My Imperfect Recipe

Yesterday I woke up at 4:30 am and made 60 quarts of pasta fagioli. For the last seven years, I have volunteered to make this soup as part of an annual school fundraiser. I spend one morning per year creating the soup base of onions and garlic — along with my two own secret ingredients — before adding the tomato sauce, beans, and ditalini and letting it all simmer. I change the recipe slightly every year to make it better with a little more of this and a little less of that. It usually takes about ten stock pots to get it all done. And then it takes about three days for my kitchen to no longer reek of garlic!

When my friend, Mary G., first convinced me – a pasta fagioli-making virgin – to participate in this fundraiser, she gave me some valuable advice: “Pasta fagioli is a very forgiving soup. You do not have to follow the recipe perfectly. Use whatever ingredients feel right. It is almost impossible to mess up!” This advice has taken on many layers of meaning over the years, as my pasta fagioli recipe and I have evolved together.

When my girls were younger, I volunteered for EVERYTHING. At the time, I do not think I even attempted to tell myself what I was doing was for altruistic reasons. Instead, I told myself it was my way of easing my conscience about having a career. But here is something I have never admitted before, even to myself: it was never about working mom’s guilt. Instead, it was about my insecurities and my fear of what others might think.

I assumed I was being judged because I chose to have a career and be a parent. So, to compensate for these feelings, in my usual fashion, I went hardcore. I volunteered for anything I could get my hands on. I wanted everyone to know what a dedicated and loving parent I was – – even with a career. But in doing so, I was not genuine. I was faking it. I was putting on an act. I was not being true to myself, my daughters, or anyone else.

The truth is that I never considered being a stay-at-home parent. Instead, a career was important to me and a personal choice that was right for my family and me. I no longer hide that reality. And while often imperfect, it was, in fact, my choice. And it is one that I have no regrets over.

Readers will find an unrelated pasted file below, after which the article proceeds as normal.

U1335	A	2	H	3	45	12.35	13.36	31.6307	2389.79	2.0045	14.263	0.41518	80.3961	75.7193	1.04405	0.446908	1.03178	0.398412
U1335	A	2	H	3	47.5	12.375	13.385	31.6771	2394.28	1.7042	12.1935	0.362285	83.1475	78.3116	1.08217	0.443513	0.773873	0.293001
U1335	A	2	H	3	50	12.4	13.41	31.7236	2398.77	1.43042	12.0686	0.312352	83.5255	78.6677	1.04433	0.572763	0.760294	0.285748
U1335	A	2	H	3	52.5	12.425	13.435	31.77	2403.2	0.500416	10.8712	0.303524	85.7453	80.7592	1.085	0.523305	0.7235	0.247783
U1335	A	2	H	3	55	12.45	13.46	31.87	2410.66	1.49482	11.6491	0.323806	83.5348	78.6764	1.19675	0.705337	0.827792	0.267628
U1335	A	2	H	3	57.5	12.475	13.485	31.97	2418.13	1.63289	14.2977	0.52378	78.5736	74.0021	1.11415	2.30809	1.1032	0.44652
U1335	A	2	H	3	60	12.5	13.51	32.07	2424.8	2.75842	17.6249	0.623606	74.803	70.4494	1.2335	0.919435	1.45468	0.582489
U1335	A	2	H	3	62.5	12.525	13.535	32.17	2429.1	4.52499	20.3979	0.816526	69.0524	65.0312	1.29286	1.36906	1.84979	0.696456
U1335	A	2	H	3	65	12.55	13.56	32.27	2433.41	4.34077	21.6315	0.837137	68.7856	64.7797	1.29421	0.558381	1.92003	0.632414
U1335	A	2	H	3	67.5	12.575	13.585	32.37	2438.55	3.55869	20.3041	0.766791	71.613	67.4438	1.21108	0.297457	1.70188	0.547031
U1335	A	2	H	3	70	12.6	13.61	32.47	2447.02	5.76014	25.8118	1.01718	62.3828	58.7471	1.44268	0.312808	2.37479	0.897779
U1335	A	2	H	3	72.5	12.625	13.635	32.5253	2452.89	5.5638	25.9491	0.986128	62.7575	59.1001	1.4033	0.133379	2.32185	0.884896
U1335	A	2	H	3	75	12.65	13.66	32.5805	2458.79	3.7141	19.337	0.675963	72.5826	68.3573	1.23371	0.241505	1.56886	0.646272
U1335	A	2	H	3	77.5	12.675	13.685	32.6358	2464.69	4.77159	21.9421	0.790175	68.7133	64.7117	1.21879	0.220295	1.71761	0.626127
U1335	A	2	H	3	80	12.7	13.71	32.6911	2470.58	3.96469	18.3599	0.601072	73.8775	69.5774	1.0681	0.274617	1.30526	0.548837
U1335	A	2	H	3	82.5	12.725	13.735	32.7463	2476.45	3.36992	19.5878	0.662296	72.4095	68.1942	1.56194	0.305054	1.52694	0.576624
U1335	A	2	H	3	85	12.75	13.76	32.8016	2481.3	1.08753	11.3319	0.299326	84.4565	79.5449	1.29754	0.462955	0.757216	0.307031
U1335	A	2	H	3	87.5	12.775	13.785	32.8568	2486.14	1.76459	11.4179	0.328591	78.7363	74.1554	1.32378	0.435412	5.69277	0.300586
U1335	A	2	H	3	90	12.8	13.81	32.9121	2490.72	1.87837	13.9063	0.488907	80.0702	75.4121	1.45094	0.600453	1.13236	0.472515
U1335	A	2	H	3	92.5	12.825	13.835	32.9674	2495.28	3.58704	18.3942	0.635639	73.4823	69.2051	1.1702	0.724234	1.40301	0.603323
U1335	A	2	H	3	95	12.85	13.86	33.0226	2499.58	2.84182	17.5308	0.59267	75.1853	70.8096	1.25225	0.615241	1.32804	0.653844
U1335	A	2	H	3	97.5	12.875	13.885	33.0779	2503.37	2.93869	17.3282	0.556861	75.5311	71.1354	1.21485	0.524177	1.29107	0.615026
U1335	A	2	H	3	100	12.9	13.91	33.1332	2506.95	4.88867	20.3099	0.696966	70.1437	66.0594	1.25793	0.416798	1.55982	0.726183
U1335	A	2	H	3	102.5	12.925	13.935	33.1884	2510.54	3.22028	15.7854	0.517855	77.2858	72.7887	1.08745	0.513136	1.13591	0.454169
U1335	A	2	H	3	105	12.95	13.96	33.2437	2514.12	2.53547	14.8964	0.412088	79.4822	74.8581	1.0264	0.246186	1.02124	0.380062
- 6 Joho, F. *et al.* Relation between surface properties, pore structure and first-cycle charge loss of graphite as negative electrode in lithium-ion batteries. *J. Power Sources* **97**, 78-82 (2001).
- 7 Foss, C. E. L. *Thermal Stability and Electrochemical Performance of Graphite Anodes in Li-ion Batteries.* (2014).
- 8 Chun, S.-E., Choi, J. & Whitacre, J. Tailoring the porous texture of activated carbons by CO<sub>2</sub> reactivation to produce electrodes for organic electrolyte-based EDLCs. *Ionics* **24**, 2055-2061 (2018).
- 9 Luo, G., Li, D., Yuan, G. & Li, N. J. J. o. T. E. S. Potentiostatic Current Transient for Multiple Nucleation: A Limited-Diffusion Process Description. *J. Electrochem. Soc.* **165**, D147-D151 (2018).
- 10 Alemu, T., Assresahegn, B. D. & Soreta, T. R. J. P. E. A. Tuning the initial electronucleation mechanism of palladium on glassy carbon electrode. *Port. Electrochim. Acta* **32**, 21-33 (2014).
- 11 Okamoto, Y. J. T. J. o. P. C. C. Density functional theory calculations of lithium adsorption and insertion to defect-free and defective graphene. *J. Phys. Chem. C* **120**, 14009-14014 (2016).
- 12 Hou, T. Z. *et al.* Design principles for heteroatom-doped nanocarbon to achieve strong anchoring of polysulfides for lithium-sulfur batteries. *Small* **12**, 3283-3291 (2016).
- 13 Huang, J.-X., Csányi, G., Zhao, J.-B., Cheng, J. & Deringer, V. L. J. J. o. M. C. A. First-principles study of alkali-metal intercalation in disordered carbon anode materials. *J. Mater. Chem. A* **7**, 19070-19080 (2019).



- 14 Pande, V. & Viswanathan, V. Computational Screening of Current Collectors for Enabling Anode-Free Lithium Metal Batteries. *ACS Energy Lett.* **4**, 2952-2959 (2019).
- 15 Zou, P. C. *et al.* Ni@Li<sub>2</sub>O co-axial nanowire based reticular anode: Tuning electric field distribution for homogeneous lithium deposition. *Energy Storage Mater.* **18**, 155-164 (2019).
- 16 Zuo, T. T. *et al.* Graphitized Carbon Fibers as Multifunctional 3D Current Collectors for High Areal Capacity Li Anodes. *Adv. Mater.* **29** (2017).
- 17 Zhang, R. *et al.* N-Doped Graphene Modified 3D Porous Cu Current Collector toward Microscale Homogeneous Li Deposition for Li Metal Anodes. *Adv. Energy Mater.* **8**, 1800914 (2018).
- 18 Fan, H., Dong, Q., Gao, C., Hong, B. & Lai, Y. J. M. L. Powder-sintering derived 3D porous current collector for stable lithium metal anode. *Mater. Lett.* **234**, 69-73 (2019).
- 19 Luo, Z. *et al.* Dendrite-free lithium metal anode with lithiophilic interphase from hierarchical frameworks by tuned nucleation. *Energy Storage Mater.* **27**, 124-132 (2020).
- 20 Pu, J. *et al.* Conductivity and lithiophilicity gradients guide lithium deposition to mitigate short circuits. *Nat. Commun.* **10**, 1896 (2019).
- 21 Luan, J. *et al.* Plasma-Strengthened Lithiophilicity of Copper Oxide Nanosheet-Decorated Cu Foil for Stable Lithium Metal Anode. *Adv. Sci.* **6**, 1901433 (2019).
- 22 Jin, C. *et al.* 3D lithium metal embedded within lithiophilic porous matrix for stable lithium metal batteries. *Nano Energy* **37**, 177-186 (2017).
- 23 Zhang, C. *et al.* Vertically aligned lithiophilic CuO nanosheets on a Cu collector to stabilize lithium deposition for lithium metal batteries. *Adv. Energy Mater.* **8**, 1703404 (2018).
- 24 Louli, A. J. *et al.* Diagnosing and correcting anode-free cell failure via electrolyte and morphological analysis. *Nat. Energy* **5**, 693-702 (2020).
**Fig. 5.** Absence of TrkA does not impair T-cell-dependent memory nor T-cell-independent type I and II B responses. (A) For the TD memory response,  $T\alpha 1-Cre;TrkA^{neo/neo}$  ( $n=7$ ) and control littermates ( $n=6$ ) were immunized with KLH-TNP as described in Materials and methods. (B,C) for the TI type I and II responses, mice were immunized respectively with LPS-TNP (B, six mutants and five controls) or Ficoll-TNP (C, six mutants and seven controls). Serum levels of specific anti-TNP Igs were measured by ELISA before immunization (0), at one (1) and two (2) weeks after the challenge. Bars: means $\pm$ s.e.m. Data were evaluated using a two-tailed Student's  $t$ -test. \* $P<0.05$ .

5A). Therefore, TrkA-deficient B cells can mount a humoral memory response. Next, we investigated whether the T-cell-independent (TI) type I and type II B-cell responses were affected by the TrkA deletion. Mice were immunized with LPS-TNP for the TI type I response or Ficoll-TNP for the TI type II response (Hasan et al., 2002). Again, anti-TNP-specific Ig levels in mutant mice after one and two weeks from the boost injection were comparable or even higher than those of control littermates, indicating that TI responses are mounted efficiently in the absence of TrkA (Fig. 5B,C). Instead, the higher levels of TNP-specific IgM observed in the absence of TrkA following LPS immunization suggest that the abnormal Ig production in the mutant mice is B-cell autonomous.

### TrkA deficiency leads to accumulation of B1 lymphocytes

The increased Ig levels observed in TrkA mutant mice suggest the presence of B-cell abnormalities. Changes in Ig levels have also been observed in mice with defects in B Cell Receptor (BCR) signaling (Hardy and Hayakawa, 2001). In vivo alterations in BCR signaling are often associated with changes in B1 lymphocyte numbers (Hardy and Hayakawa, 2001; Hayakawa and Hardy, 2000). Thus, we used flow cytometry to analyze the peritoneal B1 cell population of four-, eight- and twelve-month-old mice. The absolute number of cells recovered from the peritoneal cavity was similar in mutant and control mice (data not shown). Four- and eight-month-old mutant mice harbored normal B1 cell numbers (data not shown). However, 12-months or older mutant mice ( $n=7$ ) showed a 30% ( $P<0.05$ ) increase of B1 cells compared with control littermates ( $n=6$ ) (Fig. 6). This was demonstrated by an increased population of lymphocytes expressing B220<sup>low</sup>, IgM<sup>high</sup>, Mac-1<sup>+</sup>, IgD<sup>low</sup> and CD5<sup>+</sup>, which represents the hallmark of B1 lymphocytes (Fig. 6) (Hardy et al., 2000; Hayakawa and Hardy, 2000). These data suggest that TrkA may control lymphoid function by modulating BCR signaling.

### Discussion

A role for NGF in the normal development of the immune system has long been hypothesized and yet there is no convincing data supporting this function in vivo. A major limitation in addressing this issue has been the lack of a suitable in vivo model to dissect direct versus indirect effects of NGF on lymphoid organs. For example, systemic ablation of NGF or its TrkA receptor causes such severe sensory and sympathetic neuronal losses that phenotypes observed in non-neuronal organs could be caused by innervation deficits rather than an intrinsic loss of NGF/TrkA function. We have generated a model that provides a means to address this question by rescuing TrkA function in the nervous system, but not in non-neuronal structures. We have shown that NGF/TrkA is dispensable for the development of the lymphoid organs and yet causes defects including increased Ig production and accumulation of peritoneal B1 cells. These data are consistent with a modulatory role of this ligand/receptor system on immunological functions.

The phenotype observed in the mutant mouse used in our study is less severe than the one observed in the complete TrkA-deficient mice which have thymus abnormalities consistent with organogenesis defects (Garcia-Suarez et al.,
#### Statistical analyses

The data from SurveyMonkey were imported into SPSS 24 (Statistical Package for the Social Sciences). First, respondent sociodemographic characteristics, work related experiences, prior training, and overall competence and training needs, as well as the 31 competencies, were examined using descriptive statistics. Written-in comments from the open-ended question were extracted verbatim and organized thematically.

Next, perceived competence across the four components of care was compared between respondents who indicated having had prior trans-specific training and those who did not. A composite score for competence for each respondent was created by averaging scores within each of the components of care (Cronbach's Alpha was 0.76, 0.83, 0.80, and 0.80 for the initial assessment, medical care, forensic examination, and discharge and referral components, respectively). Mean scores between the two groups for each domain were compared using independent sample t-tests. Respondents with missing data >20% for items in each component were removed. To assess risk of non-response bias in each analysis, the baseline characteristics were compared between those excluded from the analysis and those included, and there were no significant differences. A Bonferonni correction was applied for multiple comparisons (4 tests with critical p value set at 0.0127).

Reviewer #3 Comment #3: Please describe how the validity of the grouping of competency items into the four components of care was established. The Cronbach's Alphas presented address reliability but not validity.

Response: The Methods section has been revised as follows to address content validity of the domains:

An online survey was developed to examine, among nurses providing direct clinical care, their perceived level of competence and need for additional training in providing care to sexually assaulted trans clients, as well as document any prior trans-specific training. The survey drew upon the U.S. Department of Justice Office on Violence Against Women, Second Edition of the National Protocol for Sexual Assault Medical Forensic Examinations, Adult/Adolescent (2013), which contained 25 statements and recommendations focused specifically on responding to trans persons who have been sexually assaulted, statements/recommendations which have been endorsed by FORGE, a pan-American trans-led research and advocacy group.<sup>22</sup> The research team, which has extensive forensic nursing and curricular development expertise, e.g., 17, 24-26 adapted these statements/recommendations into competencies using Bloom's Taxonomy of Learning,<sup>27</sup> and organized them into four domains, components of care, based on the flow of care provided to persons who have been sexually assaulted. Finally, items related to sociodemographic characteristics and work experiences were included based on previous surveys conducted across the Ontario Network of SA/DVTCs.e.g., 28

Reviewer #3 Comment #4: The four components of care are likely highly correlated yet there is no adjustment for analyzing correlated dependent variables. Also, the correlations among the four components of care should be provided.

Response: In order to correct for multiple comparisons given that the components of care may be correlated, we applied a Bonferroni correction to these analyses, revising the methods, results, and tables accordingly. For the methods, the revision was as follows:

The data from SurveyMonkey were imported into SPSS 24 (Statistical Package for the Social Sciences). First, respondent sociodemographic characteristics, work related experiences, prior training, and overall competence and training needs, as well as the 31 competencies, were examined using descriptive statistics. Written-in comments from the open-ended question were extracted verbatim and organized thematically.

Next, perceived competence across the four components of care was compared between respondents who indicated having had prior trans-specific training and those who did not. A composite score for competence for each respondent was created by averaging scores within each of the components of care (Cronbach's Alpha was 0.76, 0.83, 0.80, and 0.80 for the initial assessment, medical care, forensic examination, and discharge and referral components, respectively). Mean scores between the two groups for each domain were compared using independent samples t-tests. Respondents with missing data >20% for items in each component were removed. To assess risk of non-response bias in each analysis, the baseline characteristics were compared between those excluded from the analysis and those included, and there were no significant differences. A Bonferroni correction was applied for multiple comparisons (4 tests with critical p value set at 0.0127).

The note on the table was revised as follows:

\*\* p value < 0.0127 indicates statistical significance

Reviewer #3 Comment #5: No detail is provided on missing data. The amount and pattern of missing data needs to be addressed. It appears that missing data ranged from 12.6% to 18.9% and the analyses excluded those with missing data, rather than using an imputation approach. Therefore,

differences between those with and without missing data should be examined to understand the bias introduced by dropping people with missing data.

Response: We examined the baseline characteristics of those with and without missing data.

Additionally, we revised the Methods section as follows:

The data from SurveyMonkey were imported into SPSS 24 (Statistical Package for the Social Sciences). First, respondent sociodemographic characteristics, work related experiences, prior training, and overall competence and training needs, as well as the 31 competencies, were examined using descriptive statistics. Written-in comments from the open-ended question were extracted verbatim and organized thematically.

I also want to be clear that my choices are not a reflection or statement of what anyone else should do or how anyone else should raise a family. Each of us should do what works best, both for our families and ourselves. Being a parent is not easy for anyone. We make it even harder when we pretend to be someone we are not.

That brings me full circle back to the pasta fagioli. I commit to making mass quantities for the annual Home & School Association fundraiser. It is a heavy lift in the moment, but it is over in a day and early in the school year. And it is my only school volunteer activity. So, I get that intense, early morning soup-making is not for everyone. But, it is perfect for me. I have come to enjoy it. I have had fun watching the process evolve over the years. And it frees me to do other things I genuinely love instead of those that make me miserable and are done just for appearances. As strange as it may sound, pasta fagioli has freed me from my insecurities as a parent and a member of my larger community.

As seems to be the case, every time I stop caring what anyone else thinks and take responsibility for my self-worth, putting “the soup on” once a year before the sun rises has become something I look forward to and cherish. It is an act of love – for my daughters, community, and myself. It is me at my best. I am my true, authentic self.

My journey has been an imperfect one, for sure. And I am okay with that. Much like pasta fagioli, none of us needs to be perfect, only forgiving. It is almost impossible to mess up when we live in a world where we are true to ourselves.

Photo Credit: Bill Koy

1 Comment

You’re the BEST Mom, hardest worker, and best pasta fagioli maker I know! Love you!!!